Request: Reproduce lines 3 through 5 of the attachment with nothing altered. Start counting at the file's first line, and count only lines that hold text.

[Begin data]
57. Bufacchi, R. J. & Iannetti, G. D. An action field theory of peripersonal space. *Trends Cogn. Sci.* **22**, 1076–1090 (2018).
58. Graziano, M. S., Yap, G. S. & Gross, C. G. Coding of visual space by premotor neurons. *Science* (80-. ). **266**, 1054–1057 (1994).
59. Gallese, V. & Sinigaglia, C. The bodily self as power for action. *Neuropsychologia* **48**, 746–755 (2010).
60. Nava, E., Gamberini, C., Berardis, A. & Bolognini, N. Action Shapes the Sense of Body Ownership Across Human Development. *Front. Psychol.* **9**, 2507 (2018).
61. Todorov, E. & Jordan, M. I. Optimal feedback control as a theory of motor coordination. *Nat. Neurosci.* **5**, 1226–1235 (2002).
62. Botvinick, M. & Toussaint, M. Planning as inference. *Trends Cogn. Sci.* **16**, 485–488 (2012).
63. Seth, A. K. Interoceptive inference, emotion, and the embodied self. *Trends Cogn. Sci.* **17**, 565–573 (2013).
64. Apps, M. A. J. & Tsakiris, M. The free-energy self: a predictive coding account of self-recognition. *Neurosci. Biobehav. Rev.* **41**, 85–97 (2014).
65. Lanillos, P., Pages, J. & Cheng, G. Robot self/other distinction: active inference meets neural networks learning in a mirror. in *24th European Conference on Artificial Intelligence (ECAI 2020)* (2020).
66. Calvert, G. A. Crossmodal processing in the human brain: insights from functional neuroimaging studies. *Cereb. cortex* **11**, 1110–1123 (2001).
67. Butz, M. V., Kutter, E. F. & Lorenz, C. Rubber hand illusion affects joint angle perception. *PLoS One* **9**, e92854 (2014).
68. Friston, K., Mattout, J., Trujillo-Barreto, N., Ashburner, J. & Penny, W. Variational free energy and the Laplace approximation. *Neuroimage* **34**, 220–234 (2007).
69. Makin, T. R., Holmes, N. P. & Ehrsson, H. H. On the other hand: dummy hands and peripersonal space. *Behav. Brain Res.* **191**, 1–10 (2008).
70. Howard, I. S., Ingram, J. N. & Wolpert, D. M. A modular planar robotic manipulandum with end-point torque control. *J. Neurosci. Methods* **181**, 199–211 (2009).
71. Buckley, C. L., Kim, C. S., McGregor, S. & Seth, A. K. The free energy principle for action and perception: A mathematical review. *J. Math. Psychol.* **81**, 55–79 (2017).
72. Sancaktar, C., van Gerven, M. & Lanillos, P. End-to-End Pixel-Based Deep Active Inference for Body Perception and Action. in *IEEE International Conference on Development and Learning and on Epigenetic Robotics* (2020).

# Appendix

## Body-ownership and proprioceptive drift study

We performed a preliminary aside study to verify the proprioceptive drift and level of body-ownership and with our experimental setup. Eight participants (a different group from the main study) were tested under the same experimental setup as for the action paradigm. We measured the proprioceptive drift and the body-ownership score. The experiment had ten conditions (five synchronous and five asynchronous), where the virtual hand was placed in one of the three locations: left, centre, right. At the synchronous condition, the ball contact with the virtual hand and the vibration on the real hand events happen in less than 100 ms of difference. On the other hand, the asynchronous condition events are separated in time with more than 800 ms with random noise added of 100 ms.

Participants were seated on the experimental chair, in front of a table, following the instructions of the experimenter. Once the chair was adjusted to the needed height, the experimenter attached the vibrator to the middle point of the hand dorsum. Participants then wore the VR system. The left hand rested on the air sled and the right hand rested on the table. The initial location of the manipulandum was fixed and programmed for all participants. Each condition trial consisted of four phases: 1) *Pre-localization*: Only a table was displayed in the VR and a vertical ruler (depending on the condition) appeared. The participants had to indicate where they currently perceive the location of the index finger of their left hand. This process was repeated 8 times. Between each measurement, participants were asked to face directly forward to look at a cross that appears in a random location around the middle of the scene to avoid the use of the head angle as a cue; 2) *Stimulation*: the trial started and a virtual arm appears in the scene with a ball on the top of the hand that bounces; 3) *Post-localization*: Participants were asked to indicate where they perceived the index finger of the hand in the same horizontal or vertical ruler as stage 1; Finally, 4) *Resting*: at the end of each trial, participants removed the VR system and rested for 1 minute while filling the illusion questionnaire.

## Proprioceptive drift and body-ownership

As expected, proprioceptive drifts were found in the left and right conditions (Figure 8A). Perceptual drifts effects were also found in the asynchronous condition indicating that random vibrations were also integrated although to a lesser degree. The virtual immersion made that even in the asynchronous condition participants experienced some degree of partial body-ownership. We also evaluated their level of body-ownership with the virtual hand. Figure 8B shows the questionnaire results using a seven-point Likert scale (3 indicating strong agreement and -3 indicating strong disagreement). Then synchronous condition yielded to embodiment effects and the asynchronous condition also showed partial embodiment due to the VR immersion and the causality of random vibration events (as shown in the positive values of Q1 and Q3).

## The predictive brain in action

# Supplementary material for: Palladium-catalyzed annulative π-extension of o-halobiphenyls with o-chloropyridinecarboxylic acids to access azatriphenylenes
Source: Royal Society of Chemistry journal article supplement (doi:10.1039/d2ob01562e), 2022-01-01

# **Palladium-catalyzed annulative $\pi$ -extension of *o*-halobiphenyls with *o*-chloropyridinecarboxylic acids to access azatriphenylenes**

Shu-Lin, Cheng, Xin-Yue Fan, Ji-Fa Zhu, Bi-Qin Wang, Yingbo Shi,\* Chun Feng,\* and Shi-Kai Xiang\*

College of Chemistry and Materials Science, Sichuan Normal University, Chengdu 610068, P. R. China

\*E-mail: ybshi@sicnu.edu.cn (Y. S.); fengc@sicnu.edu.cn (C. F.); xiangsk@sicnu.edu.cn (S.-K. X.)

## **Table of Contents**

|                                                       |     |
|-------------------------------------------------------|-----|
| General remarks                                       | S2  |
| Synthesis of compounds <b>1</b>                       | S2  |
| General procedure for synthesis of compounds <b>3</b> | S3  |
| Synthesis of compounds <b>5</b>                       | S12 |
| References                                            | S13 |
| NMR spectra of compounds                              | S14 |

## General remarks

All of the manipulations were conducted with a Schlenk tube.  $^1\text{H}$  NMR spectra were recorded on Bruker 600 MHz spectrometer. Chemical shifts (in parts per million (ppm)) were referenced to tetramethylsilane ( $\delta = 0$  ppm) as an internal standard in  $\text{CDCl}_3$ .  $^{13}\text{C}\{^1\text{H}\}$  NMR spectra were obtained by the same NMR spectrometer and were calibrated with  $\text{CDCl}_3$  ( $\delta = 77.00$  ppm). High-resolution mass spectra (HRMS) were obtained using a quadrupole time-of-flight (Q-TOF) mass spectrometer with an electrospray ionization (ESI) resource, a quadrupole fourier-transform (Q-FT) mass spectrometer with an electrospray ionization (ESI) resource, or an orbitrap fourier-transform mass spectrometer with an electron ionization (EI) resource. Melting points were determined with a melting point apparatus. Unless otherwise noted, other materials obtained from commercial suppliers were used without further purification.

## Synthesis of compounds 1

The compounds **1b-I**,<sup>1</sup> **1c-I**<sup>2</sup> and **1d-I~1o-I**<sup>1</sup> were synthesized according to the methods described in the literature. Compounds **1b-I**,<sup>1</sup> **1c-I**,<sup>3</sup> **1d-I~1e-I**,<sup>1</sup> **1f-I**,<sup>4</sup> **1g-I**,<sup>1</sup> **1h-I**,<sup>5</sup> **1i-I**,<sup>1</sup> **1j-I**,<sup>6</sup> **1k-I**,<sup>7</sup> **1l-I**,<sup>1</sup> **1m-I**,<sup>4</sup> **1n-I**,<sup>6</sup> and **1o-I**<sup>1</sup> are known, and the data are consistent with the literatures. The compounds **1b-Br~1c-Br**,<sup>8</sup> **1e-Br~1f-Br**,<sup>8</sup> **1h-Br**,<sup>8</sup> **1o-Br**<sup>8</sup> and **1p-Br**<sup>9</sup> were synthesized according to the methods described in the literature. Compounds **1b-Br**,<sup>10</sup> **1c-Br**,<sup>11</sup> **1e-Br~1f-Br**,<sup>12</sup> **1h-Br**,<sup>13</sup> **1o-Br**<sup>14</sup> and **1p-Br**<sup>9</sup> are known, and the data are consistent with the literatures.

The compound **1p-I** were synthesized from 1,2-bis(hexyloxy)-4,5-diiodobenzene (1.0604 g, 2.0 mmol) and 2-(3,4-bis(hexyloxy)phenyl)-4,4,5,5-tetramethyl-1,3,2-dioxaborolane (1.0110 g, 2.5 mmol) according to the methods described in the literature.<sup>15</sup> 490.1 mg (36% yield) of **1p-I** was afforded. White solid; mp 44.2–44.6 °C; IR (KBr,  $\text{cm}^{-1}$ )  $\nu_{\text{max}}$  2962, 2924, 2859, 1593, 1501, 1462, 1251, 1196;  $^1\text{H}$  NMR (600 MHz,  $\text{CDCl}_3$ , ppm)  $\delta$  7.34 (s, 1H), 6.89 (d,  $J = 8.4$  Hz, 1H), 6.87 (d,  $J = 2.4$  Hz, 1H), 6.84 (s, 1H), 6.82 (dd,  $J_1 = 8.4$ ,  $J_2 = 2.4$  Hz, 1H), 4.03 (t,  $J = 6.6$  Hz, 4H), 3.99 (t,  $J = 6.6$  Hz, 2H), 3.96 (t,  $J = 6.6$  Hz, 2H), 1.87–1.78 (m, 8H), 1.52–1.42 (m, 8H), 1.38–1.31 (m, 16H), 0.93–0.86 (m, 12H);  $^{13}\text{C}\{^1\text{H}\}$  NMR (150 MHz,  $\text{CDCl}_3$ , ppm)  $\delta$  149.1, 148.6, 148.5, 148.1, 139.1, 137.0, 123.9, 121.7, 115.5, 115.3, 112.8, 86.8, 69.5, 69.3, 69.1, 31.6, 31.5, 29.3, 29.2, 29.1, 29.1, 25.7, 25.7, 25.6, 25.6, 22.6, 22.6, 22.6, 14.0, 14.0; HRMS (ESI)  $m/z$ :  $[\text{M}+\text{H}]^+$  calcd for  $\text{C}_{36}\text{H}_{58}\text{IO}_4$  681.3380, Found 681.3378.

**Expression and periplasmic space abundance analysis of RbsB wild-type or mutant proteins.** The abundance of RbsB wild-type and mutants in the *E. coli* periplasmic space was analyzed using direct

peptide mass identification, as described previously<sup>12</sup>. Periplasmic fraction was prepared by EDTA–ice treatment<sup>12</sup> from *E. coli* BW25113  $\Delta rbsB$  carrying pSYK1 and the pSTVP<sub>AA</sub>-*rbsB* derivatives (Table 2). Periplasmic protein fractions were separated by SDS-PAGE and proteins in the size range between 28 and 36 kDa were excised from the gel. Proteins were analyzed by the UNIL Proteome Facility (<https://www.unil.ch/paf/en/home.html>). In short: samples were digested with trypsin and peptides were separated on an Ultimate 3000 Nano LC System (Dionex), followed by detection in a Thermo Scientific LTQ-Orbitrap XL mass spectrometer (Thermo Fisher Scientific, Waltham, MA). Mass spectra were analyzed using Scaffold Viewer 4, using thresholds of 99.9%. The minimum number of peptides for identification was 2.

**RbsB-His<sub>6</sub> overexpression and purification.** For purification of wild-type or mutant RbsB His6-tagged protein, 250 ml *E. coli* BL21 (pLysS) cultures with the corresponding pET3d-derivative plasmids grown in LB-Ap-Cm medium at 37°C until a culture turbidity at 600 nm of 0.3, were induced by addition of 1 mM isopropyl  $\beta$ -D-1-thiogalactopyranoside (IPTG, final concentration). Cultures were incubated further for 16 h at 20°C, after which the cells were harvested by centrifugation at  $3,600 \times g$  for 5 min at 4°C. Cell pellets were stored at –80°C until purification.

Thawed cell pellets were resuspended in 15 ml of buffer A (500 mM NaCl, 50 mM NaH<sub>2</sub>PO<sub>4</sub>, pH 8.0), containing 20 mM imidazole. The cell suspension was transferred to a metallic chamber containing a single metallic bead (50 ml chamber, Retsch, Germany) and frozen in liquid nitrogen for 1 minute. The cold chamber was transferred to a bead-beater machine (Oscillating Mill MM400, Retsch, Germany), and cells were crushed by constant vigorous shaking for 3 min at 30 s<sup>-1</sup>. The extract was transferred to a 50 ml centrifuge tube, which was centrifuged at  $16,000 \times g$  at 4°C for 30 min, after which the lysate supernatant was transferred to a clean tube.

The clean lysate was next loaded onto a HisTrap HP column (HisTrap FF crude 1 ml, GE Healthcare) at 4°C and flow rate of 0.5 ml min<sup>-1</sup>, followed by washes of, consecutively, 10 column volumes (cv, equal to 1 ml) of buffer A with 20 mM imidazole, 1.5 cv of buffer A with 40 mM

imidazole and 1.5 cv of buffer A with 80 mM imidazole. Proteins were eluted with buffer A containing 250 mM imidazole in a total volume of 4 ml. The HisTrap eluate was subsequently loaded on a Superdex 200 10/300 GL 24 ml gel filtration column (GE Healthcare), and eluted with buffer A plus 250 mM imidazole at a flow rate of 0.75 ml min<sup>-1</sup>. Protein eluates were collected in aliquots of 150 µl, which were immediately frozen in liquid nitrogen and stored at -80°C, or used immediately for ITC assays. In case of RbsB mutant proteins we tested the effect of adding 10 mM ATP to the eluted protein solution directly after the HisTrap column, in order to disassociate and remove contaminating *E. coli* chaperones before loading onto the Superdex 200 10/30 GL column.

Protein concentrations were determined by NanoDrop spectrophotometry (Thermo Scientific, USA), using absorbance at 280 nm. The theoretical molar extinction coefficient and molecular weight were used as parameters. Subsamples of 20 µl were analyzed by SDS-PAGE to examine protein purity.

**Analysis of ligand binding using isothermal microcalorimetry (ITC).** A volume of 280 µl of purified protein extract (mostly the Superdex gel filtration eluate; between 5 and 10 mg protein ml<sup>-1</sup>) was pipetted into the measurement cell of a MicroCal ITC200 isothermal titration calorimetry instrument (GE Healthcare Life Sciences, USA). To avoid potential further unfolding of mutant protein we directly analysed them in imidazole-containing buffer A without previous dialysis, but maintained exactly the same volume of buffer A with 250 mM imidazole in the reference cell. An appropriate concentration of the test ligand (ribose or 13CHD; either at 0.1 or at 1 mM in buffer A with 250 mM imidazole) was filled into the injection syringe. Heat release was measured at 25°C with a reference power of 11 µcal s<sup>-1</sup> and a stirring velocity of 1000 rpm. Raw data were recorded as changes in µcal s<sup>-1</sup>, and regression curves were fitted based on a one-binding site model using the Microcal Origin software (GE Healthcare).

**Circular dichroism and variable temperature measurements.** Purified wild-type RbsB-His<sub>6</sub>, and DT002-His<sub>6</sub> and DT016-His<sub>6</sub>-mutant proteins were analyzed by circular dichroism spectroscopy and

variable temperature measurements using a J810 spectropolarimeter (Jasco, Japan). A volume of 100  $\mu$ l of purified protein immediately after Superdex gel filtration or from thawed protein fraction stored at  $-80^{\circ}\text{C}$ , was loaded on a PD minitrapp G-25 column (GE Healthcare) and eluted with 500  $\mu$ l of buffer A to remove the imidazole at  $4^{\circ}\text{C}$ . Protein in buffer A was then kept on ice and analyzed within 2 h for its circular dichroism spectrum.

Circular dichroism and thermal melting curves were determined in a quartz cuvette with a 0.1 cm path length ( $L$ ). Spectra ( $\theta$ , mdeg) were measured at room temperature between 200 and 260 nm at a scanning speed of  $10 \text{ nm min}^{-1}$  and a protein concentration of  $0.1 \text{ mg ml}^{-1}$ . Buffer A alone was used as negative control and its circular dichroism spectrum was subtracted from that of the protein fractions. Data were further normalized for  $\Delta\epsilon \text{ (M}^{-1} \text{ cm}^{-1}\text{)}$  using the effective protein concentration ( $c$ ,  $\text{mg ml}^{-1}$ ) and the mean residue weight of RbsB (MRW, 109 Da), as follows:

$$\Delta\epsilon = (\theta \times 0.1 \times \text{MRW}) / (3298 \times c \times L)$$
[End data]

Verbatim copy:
59. Gallese, V. & Sinigaglia, C. The bodily self as power for action. *Neuropsychologia* **48**, 746–755 (2010).
60. Nava, E., Gamberini, C., Berardis, A. & Bolognini, N. Action Shapes the Sense of Body Ownership Across Human Development. *Front. Psychol.* **9**, 2507 (2018).
61. Todorov, E. & Jordan, M. I. Optimal feedback control as a theory of motor coordination. *Nat. Neurosci.* **5**, 1226–1235 (2002).